Ross Pilot Hero of Bomber Drama

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WITH incendiary bombs alight in the bomb bay only a few feet from a 2000-lb. bomb, three men in a Halifax attacking Frankfort on Monday night fought to save the life of a wounded comrade.

The Press and Journal, Tuesday, December 28th, 1943.

"WITH incendiary bombs alight in the bomb bay only a few feet from a 2000-lb. bomb, three men in a Halifax attacking Frankfort on Monday night fought to save the life of a wounded comrade.

Although exhausted from lack of oxygen. they took it in turns to give him their own supply.  The captain of the aircraft was Plt. Officer. A. L. Mackenzie (22), Edderton, Ross-shire, commissioned only two months before. The wireless operator. Flt. Sgt. G. Marlowe Liverpool; the Flt. Engr., Sgt. W. Whittock, Whitchurch. Salop; and the mid-upper gunner. Sgt. J. King, Hexham, did all they could to save the life of the bomb-aimer. He died soon after they had crossed the enemy coast on the way home. Others of the crew were Sgt, T, Solomon. Hammersmith, London, the navigator and Sgt. K. Booth, Derby, the rear-gunner.

When the Halifax was twenty minutes from Frankfort the rear gunner saw a vivid flash which lit up the whole bomber, but he could see no enemy fighter. The Halifax was filled with fumes and smoke, and the pilot called up the crew. "All right, boys?" he asked. In a matter-of-fact voice, the rear gunner answered, "Our tail's been hit." The mid-upper gunner said, "It is tattered a bit." In fact, the port elevator had been shattered and was no more than a broken, dangling framework. The captain decided to go on to the target. "It seemed an awful pity to get so far and then turn back while we still had four engines working," he said. " We went on, but when we were on the fringe of the target area we were attacked again.

The bomb-aimer was wounded. The fumes were so strong in the mid-upper turret that the gunner asked permission to leave his post. A cannon shell had set light to three incendiaries, which were blazing only a few feet from a 2000 - pounder. The navigator flipped a parachute to the wounded bomb-aimer in case they had to bale out, and then he and others tried to release the bombs. But the bomb doors would not open fully. The wireless operator went to help the bomb aimer and found that he had flung off his helmet and was without oxygen: He put his own oxygen tube into the wounded man's mouth, and then he and the engineer and the mid-upper gunner took it in turns to share their oxygen with him. They were so short of oxygen themselves that it took them twenty minutes to get him back from the nose of the bomber to the rest position. They were the only men of the crew who could be spared from their posts. As it was. the whole defence of the aircraft had to be left to the rear gunner. He stuck to his post while flames and sparks were being continually blown back from the fire against his turret.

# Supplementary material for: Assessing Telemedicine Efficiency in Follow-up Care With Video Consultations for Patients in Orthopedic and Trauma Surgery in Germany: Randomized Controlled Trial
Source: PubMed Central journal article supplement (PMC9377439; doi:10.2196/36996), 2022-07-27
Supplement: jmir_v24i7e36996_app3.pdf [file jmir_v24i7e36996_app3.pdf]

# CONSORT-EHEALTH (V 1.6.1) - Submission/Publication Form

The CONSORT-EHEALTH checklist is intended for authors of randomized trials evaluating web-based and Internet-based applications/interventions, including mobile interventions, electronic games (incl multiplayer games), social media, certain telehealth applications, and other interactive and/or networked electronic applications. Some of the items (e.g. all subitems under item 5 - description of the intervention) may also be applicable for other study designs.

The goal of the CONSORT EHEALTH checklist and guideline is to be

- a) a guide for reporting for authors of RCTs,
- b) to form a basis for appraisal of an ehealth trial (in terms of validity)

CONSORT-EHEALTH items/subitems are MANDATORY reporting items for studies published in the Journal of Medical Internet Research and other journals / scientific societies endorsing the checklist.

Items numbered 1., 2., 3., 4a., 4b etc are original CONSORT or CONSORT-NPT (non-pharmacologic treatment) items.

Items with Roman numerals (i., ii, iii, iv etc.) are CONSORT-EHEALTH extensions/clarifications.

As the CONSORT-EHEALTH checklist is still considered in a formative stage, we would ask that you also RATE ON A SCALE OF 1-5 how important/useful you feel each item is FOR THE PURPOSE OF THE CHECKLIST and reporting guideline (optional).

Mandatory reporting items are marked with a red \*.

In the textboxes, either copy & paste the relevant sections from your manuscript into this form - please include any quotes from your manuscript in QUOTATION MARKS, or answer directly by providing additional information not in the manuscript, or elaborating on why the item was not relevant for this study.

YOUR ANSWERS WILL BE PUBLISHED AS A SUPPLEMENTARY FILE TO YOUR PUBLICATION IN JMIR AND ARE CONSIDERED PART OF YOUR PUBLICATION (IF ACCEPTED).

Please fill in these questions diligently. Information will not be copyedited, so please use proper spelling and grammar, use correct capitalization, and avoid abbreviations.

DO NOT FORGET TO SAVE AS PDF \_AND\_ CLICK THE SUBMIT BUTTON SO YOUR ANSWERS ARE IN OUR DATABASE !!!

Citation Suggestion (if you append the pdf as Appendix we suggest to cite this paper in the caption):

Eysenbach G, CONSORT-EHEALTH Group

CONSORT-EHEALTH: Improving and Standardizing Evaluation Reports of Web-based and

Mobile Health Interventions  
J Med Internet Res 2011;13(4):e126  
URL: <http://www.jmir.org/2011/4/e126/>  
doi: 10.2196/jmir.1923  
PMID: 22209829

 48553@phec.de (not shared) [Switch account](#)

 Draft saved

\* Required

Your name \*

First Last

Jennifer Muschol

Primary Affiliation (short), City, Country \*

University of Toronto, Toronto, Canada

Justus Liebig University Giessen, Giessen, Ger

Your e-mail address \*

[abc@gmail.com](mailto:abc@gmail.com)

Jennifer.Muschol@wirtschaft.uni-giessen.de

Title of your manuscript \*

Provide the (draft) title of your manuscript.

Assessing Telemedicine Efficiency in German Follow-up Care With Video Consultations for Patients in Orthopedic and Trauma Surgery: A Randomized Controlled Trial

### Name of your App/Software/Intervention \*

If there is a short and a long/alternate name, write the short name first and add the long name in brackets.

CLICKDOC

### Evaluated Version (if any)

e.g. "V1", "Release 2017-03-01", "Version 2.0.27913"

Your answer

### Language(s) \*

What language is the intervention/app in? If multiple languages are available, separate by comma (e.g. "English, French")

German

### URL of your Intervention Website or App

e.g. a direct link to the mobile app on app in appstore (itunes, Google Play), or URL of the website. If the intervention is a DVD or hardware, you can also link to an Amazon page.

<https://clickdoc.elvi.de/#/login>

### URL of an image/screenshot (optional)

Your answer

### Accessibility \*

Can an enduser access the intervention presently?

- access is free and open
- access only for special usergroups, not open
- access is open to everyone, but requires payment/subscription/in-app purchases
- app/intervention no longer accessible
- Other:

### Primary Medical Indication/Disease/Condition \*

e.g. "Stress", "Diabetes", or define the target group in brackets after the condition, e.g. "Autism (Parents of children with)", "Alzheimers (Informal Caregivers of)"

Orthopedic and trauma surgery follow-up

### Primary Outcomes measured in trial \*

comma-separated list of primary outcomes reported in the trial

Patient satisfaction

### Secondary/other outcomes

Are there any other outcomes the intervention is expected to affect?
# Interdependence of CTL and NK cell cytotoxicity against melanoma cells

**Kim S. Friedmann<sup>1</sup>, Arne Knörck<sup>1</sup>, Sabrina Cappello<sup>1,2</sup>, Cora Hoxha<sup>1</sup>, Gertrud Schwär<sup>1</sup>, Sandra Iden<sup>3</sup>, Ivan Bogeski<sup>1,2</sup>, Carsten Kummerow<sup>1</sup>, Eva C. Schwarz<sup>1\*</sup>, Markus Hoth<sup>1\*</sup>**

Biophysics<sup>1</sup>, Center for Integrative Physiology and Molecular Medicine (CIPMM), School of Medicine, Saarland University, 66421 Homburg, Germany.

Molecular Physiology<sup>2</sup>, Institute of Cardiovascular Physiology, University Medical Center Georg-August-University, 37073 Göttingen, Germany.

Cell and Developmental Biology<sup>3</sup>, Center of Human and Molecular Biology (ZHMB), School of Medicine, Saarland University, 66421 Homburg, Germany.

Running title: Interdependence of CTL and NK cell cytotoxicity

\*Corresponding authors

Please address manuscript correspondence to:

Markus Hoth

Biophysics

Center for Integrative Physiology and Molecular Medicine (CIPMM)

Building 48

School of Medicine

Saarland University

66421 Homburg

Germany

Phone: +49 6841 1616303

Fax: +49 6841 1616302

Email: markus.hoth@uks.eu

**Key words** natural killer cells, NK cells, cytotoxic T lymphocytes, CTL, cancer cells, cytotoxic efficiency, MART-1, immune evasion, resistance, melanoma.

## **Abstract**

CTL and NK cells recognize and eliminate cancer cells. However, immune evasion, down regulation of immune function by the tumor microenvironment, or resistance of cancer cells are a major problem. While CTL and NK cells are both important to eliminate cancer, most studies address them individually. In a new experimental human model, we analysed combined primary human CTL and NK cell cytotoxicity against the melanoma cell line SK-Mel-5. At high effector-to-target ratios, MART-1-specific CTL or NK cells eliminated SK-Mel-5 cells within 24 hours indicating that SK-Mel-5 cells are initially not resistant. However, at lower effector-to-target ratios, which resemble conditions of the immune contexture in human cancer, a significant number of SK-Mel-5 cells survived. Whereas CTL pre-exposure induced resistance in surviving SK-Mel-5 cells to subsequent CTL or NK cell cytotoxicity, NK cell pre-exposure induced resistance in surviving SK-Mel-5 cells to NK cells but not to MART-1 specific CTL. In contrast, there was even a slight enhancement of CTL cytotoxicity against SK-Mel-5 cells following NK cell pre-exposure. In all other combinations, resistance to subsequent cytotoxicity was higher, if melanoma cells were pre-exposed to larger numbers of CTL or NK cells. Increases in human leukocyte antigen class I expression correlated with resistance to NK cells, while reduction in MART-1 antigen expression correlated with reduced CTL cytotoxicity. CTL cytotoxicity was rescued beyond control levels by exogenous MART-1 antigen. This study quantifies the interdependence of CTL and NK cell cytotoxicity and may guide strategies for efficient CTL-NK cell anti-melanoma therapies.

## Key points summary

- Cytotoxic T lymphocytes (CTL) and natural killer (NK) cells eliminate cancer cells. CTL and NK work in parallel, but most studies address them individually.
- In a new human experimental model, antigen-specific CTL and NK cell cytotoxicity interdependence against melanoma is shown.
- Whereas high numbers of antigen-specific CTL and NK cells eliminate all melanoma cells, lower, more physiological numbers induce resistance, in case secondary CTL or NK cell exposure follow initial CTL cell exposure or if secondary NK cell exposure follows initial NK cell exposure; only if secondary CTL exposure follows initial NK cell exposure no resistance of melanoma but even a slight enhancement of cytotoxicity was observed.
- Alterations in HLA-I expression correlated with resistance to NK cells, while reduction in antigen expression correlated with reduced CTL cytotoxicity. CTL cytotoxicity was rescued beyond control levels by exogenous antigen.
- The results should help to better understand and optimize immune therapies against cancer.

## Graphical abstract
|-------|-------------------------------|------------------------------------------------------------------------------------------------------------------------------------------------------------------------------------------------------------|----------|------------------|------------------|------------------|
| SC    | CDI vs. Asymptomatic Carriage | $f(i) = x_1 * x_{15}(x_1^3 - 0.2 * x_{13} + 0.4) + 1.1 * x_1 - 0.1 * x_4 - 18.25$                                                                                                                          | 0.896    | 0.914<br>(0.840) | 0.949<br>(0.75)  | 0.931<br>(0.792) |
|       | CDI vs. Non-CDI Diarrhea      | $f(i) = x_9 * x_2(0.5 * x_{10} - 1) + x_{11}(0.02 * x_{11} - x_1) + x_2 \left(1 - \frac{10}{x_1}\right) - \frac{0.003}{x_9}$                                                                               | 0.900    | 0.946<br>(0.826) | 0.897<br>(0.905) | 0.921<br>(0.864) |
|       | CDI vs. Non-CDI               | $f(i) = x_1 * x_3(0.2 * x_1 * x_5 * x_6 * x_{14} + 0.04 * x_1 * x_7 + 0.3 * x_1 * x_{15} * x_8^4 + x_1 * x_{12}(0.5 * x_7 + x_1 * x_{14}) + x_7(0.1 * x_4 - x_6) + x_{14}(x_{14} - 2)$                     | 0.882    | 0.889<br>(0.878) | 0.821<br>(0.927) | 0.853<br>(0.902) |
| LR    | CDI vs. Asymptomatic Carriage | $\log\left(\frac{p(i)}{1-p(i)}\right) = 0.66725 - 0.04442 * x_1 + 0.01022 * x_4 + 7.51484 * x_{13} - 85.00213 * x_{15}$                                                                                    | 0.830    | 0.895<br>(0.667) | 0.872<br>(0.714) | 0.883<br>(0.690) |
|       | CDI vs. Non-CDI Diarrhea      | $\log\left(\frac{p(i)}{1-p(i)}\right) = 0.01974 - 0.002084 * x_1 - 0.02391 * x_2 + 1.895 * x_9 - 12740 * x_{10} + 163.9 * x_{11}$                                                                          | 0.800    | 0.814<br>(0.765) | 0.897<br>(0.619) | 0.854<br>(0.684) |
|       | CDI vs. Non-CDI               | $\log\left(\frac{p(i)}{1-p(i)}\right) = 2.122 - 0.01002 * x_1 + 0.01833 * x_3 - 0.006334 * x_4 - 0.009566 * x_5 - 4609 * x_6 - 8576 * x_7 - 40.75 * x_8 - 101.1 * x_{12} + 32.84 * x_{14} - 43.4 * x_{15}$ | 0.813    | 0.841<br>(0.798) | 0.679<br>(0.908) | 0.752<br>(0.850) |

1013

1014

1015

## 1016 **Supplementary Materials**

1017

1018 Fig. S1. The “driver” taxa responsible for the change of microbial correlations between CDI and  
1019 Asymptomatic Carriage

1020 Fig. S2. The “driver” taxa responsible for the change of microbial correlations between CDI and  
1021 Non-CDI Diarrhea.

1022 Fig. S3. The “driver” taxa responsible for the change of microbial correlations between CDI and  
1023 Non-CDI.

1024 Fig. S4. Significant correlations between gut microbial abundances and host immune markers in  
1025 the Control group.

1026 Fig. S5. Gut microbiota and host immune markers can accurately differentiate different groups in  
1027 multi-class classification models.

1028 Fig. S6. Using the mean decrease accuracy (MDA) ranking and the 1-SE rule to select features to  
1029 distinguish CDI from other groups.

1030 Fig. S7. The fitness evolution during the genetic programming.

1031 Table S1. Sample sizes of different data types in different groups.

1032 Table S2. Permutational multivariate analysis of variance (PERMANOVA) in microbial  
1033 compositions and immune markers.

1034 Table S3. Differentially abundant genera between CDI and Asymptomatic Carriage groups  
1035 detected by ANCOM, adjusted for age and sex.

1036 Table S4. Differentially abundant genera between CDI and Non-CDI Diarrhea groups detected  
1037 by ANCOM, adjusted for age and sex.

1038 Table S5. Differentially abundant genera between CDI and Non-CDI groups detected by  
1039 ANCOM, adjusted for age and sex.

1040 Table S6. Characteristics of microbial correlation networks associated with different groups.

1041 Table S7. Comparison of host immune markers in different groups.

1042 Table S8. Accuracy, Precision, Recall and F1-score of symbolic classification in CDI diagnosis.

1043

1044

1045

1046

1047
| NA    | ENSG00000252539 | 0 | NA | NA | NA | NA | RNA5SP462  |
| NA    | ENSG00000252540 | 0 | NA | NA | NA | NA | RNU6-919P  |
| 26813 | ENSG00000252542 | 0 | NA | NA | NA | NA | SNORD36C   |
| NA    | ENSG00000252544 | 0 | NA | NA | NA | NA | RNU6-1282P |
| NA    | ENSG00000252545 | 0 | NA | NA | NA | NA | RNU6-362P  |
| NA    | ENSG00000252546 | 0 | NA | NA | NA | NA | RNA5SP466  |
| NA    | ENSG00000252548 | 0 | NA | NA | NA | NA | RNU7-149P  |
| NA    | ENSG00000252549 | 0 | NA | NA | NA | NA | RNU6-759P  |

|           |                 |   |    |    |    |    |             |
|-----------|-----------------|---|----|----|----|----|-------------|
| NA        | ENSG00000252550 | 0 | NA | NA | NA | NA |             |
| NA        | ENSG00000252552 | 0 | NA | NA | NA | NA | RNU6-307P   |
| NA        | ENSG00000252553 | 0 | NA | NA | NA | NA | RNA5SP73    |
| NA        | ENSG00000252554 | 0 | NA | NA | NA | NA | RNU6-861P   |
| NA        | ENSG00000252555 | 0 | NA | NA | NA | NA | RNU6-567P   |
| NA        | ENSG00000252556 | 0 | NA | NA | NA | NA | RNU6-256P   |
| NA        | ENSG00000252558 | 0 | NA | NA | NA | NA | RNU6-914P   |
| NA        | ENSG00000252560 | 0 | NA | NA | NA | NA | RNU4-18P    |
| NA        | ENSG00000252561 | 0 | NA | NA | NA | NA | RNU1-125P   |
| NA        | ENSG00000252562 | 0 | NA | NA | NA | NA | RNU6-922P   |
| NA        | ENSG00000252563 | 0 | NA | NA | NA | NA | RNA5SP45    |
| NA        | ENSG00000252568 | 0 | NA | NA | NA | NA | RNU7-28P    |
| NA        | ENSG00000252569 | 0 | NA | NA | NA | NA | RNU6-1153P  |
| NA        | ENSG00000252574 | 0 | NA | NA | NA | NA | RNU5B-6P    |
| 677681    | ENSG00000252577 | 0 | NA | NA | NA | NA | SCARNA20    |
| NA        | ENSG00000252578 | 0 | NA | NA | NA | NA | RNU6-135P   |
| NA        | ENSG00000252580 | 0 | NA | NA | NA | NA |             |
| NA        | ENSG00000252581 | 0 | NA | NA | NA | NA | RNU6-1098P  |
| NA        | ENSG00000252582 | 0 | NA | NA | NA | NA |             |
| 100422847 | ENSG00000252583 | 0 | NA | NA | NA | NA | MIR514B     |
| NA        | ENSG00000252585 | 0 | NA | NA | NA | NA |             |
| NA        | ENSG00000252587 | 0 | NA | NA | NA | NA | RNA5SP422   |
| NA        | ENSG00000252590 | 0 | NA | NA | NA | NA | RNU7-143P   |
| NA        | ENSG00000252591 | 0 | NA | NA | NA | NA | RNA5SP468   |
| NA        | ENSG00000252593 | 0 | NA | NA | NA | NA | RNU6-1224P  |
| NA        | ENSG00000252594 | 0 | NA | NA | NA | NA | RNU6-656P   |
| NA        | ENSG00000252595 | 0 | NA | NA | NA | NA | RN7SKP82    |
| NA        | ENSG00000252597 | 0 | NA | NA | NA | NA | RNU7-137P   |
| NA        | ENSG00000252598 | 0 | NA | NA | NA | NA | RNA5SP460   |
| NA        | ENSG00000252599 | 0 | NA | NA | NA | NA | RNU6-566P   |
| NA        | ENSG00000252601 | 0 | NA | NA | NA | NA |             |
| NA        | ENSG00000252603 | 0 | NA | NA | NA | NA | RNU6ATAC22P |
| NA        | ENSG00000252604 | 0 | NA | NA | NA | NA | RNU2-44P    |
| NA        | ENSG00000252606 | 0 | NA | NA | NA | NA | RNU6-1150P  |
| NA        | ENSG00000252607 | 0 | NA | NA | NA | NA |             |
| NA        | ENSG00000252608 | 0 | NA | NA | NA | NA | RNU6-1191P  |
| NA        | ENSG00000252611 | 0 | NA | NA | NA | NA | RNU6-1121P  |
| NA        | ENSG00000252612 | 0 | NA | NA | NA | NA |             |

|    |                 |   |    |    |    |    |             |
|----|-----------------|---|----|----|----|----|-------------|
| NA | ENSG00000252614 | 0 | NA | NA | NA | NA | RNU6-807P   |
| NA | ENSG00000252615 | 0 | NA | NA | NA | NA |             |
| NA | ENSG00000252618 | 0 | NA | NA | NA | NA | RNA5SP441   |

"When they at last succeeded in getting the bomb-aimer back," said the pilot. "the wireless operator and the mid-upper gunner took off some of their own kit and wrapped it round him They gave him first-aid and coffee from their flasks until he died. "Cold air was rushing in through holes. and the navigator was almost frozen. but he stuck to his job and did wonders. When the rear-gunner spoke to me over the intercom his voice was always perfectly calm, though flames and sparks were blowing past him. "The transmitter key of his wireless set was in pieces, but the wireless operator made it work and sent out a message to base." The captain knew it would be dangerous to land the aircraft in its damaged state and with the bombs still on. He told his crew when they had crossed the English coast that anybody who chose could bale out. "They said some uncomplimentary things to me for suggesting it," the captain said. "The navigator answered that he was frozen as it was, and didn't intend to get colder by jumping out." Over their own base, the crew went to crash positions. In spite of all the damage the pilot, with the help of the engineer, the navigator. and the mid-upper gunner, made a safe landing, though a tyre had been burst by a cannon shell. "No captain could have had a finer set of men with him," said the pilot. "Every one of them behaved exactly right." Pilot, Officer. Mackenzie is the eldest son of Mr Murdo Mackenzie, schoolmaster Edderton, Ross-shire. He was well-known and popular in the village and took a keen interest in sports. Educated at Edderton School and Tain Royal Academy. he went to Edinburgh University to study engineering."

(The twenty-two-year-old Alasdair Lesley Mackenzie was awarded a Distinguished Flying Cross, on the 14th of January 1944, for his bravery during this flight but he was tragically killed in action only one week later on the 21st of January 1944. He is buried in Berlin War Cemetery and listed on the Edderton War Memorial.)